Firefighting farmer is building a legacy for his sons

Raymond Monyela’s farm has grown from a home garden to an enterprise that supplies fresh veg to supermarkets in Polokwane.

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What started as a small vegetable patch in Limpopo-born firefighter Raymond Monyela’s garden has boomed into a six-hectare enterprise supplying major supermarkets in Polokwane.

Spurred on by the growing need for generational wealth and attaining sustainability, the 34-year-old father of three has created a mushrooming business dubbed Monyela and Sons, to leave a legacy for his three sons, aged 10, 9 and 4.

With no formal training, Monyela sought assistance from neighbouring farmers and Google for information on planting his crops. He made it his mission to use every available resource to research and learn about crop production. It paid off. He was recognized as one of the Mail and Guardian’s top 200 young South Africans in 2019 for his efforts in food security.

Raymond Monyela in his firefighting uniform

The Mmotong native says he drew inspiration from his late mother, Lillian Monyela, who took the reigns as a sole breadwinner following the passing of his father. She sold vegetables like tomatoes, onions and others at a taxi rank in his village to feed her six children.

“Monyela and Sons started when I was very young. When my mother was working as a street hawker selling on the street, I saw that if she can provide by buying and selling then I can produce. That is where I started getting interested in crop production,” Monyela recalls

Before her death in 2018, the matriarch of the Monyela family played a significant role in her son’s interest in food security. He adds that he established the project as a foundation to also equip his own sons with the knowledge and understanding of the concept of food security and sustainability.

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“If I can teach them to use their hands, I don’t think they will go hungry, because it is what I learned from my mother. She was not always sitting around and saying ‘my husband is working a good job’. She also wanted something out of her hands. From a young age I learned as a human being you must use what you have in order to achieve.”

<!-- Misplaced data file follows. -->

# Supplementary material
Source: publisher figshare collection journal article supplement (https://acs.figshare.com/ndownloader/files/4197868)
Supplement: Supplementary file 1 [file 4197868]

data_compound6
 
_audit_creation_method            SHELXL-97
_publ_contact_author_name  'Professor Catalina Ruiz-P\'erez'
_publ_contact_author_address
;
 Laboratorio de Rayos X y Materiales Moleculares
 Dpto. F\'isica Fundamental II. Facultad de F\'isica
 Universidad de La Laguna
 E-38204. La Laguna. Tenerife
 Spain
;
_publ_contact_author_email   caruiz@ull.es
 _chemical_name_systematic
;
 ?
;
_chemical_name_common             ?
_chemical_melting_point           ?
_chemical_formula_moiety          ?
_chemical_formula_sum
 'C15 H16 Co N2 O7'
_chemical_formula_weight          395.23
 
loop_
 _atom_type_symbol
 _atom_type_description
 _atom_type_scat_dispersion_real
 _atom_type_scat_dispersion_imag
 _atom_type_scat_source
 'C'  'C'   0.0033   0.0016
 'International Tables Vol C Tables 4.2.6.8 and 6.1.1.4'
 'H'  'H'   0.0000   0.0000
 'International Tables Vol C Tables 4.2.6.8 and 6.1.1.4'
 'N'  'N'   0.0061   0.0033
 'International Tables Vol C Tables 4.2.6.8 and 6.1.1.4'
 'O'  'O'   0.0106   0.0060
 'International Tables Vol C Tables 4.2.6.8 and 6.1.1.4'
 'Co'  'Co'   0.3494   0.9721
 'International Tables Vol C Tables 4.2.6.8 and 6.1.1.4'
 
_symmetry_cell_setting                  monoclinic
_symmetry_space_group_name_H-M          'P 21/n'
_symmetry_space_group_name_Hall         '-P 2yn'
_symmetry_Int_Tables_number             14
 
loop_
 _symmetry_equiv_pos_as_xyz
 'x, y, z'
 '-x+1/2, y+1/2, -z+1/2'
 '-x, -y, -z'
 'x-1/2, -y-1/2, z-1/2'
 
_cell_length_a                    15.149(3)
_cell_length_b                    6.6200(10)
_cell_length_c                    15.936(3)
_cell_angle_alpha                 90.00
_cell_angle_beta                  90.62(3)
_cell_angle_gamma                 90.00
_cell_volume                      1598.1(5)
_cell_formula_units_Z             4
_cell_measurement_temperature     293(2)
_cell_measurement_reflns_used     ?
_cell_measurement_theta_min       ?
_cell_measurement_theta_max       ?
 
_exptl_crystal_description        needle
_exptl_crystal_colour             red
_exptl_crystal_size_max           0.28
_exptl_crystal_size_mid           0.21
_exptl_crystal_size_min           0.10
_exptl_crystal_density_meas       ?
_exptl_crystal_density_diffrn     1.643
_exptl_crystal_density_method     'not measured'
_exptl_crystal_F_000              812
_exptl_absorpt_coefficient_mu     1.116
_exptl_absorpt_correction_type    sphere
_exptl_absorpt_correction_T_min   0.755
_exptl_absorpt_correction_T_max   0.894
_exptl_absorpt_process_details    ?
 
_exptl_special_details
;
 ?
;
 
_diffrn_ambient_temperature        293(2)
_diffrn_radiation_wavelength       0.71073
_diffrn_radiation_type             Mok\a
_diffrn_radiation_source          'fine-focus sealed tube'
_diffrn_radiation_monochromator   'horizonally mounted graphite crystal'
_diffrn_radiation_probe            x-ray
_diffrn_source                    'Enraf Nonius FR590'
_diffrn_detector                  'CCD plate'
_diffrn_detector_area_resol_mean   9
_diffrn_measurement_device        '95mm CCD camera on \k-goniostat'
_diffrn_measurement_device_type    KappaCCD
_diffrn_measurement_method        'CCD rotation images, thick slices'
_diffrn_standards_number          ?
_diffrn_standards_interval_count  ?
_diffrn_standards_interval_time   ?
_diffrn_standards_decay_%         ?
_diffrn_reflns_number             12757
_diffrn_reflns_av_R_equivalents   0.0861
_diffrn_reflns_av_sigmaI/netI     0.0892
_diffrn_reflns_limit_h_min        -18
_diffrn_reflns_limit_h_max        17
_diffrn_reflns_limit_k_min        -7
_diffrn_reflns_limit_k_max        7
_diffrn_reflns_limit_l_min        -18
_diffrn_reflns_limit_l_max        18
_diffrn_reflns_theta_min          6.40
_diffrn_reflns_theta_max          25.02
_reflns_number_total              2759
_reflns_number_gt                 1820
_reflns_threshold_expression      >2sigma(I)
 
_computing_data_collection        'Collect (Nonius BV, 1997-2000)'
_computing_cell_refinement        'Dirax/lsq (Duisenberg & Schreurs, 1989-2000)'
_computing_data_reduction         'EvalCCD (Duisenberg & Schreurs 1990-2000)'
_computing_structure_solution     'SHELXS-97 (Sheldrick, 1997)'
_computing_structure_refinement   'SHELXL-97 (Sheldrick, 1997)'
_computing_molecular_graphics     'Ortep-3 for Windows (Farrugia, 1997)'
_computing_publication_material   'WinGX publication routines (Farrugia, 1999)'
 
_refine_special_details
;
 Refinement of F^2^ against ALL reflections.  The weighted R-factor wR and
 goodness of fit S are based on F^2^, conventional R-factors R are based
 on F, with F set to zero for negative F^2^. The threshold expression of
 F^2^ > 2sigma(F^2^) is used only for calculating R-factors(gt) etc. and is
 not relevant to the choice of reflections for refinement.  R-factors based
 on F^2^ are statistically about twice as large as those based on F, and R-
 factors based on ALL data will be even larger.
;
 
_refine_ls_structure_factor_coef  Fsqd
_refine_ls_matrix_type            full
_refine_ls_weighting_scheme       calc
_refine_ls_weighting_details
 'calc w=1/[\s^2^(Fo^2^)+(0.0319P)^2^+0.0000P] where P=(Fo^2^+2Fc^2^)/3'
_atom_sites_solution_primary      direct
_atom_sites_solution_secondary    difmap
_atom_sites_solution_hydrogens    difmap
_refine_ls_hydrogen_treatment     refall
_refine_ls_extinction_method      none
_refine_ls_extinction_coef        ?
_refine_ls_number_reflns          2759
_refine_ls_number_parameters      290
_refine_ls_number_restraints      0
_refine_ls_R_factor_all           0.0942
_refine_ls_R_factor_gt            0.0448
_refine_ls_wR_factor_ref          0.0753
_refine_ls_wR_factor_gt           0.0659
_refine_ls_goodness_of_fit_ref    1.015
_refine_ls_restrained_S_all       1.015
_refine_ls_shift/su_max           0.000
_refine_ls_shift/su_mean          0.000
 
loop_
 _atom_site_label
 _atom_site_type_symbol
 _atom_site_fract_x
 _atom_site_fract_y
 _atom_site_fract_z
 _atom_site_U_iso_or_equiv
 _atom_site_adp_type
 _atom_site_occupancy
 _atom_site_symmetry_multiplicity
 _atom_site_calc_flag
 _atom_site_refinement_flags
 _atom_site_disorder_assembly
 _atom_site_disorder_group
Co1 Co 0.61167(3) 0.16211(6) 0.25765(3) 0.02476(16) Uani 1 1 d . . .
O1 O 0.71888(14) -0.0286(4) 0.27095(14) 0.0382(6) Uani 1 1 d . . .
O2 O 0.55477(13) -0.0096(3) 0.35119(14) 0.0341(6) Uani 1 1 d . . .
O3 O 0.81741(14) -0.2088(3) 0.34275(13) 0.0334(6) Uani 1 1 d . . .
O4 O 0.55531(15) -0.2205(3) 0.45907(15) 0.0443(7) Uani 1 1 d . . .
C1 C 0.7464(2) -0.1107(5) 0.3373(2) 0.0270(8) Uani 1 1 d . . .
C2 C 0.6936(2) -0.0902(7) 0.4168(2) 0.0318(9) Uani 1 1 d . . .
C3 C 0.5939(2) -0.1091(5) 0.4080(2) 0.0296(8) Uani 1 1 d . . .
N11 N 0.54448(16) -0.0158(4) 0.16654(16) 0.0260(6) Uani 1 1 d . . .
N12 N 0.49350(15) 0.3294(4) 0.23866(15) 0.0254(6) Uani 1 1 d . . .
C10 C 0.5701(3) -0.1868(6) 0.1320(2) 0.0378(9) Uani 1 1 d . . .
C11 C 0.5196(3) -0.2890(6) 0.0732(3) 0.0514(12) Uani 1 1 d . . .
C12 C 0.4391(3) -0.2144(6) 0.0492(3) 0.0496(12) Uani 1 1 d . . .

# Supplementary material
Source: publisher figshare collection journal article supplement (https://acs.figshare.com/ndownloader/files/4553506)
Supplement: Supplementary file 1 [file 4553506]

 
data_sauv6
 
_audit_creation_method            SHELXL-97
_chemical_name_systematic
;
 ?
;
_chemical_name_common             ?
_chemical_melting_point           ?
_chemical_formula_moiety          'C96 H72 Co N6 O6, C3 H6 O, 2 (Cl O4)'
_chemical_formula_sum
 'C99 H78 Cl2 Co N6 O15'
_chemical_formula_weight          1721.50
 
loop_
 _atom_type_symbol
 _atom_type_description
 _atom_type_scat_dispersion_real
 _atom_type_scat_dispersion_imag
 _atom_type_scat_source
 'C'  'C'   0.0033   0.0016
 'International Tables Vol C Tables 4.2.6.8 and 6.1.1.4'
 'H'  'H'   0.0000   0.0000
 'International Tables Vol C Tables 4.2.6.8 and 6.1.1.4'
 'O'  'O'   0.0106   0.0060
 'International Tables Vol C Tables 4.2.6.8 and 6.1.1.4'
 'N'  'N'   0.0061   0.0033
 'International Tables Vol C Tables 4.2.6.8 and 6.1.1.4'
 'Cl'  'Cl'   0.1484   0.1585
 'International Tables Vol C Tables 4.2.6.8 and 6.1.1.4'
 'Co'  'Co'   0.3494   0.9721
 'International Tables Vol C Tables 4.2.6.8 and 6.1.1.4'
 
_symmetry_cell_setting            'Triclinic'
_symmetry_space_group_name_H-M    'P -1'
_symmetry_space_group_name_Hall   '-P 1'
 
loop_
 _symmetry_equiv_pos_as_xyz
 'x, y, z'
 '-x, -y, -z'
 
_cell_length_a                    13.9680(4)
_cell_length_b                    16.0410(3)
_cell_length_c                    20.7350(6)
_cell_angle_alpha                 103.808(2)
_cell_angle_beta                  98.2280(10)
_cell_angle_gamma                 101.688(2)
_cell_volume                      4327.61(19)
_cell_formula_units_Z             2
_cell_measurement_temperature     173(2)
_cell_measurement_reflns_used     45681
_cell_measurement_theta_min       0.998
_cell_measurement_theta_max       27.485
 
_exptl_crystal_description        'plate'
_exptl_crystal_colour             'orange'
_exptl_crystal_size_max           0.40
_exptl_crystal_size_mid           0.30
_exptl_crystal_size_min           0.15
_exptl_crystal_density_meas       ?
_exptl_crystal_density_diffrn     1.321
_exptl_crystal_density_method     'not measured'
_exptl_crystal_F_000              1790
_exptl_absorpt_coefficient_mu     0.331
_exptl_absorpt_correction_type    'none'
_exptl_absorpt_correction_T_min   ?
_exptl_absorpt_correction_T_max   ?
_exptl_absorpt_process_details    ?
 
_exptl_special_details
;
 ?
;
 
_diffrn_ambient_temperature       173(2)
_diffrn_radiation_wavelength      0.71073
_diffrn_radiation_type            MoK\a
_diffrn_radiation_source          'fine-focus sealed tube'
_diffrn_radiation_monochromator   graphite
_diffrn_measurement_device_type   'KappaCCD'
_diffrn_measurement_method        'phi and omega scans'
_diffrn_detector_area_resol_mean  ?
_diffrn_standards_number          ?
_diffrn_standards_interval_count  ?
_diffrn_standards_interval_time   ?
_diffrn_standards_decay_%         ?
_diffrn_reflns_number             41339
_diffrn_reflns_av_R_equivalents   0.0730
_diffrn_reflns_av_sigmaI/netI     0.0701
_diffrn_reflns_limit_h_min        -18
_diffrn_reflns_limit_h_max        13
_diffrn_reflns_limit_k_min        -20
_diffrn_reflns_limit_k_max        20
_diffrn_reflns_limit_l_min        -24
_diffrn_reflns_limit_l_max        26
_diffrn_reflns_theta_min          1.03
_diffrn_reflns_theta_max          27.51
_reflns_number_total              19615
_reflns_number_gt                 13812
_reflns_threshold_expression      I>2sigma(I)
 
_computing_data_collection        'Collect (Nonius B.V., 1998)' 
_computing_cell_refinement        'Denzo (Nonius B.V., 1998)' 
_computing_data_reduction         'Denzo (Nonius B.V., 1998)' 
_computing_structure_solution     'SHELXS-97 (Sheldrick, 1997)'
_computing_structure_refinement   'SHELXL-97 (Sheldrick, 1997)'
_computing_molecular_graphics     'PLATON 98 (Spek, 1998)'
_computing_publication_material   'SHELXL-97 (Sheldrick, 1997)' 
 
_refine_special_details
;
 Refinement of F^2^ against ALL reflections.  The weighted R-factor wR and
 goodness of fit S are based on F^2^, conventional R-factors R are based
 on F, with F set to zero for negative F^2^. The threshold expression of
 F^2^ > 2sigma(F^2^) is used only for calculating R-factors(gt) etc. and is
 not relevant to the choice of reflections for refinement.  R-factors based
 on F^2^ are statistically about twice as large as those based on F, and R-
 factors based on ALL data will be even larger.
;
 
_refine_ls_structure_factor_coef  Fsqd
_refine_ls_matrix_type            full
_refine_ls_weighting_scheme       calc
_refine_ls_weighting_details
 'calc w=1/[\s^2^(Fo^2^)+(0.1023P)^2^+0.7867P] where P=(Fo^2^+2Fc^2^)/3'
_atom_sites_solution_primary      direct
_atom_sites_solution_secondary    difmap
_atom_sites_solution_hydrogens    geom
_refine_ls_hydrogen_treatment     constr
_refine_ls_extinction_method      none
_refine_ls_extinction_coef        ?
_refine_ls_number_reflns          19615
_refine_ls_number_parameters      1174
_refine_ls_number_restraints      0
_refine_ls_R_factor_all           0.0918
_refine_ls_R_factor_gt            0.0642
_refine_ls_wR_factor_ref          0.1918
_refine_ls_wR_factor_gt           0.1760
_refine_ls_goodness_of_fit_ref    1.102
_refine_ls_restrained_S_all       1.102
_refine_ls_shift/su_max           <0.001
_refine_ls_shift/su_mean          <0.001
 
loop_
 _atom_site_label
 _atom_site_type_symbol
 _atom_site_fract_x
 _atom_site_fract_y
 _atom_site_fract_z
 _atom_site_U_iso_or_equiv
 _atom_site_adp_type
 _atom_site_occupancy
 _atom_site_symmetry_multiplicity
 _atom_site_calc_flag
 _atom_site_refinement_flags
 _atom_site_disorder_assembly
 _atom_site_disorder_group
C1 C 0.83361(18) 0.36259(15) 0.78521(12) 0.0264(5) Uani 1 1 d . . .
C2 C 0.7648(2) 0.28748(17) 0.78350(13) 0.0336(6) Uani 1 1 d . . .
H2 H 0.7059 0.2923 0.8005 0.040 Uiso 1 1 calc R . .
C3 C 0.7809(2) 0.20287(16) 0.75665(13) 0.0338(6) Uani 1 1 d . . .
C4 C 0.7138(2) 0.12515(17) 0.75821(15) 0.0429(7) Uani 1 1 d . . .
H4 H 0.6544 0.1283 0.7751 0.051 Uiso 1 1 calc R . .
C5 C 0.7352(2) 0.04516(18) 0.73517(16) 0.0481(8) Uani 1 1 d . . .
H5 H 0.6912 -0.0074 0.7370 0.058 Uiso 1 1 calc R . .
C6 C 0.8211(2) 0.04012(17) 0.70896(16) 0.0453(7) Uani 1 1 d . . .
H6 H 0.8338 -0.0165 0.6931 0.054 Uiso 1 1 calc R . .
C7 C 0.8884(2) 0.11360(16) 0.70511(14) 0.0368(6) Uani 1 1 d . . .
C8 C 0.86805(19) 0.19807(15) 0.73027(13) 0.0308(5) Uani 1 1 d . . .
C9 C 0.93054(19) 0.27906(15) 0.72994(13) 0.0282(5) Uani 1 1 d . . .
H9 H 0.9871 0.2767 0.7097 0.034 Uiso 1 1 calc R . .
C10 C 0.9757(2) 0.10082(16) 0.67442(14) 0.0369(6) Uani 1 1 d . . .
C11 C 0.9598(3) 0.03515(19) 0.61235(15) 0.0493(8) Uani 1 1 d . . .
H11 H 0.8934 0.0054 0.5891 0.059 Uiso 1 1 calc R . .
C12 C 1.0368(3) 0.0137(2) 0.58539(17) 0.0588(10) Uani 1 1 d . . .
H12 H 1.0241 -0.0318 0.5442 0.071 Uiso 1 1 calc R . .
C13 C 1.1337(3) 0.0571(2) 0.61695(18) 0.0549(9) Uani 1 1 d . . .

Raymond Monyela and his sons, Thorisho, Katlego and Atlegang

Monyela and Sons was officially founded in 2010 by Monyela and his wife Lerato. This was when their vegetable garden gained traction from neighbours in their resident village of Sengatane, 20 km outside of Polokwane.

Realising the growing demand for fresh, affordable produce in their community, the self-taught farmer expanded his 50 by 50 metre garden to a 6-hectare operation, from where he now distributes vegetables to major supermarkets in Polokwane, his home village of Mmotong and his resident village of Sengatane.

Monyela primarily caters to the needs of street hawkers who share similar struggles with his late mother, always bearing her legacy in mind. Achieving this milestone, he says, has further encouraged him to grow his business, create jobs in his community and pass down knowledge to other prospective farmers.

“We are praying to God to acquire more land. If we can have more land, we will be able to hire more people so that we can contribute to the economy. We are currently trying to train people, because if you are working with somebody for some time, that is how they are learning. So, in future maybe they might want to start their own venture.”

Monyela’s land boasts a variety of produce ranging from paprika, cabbage, tomato, hubbert squash, 500 egg-laying chickens as well as pigs. While managing a thriving business, the farmer also balances a career as a firefighter in his village. But Monyela’s true passion has always been continuing his mother’s legacy as a provider and contributor to food security.

Lerato Monyela clutches paprika leaves from the Monyela and Sons land

He believes that, with the South African economy in decline, the youth should look to alternative career choices to become sustainable in the future. “In South Africa the economy is very low and there are no jobs, so most of the young people only want to work for these big companies. They forget that God gave us all different gifts, we cannot all be under an aircon. Some have to step outside and use their hands.”

People will need to be more willing to get “down and dirty” to provide for themselves, he believes. “As it stands in our current climate there are no jobs. If you don’t use your hands, there is nothing you can put on the table.”

While the Monyela couple dream of acquiring more land, they use the communal land they purchased from the chief in the village of Sengatane. They also hope to get a farm and a tractor and eventually export their produce internationally. They want to be able to leave a legacy for his sons, Atlegang, Katlego and Thorisho.

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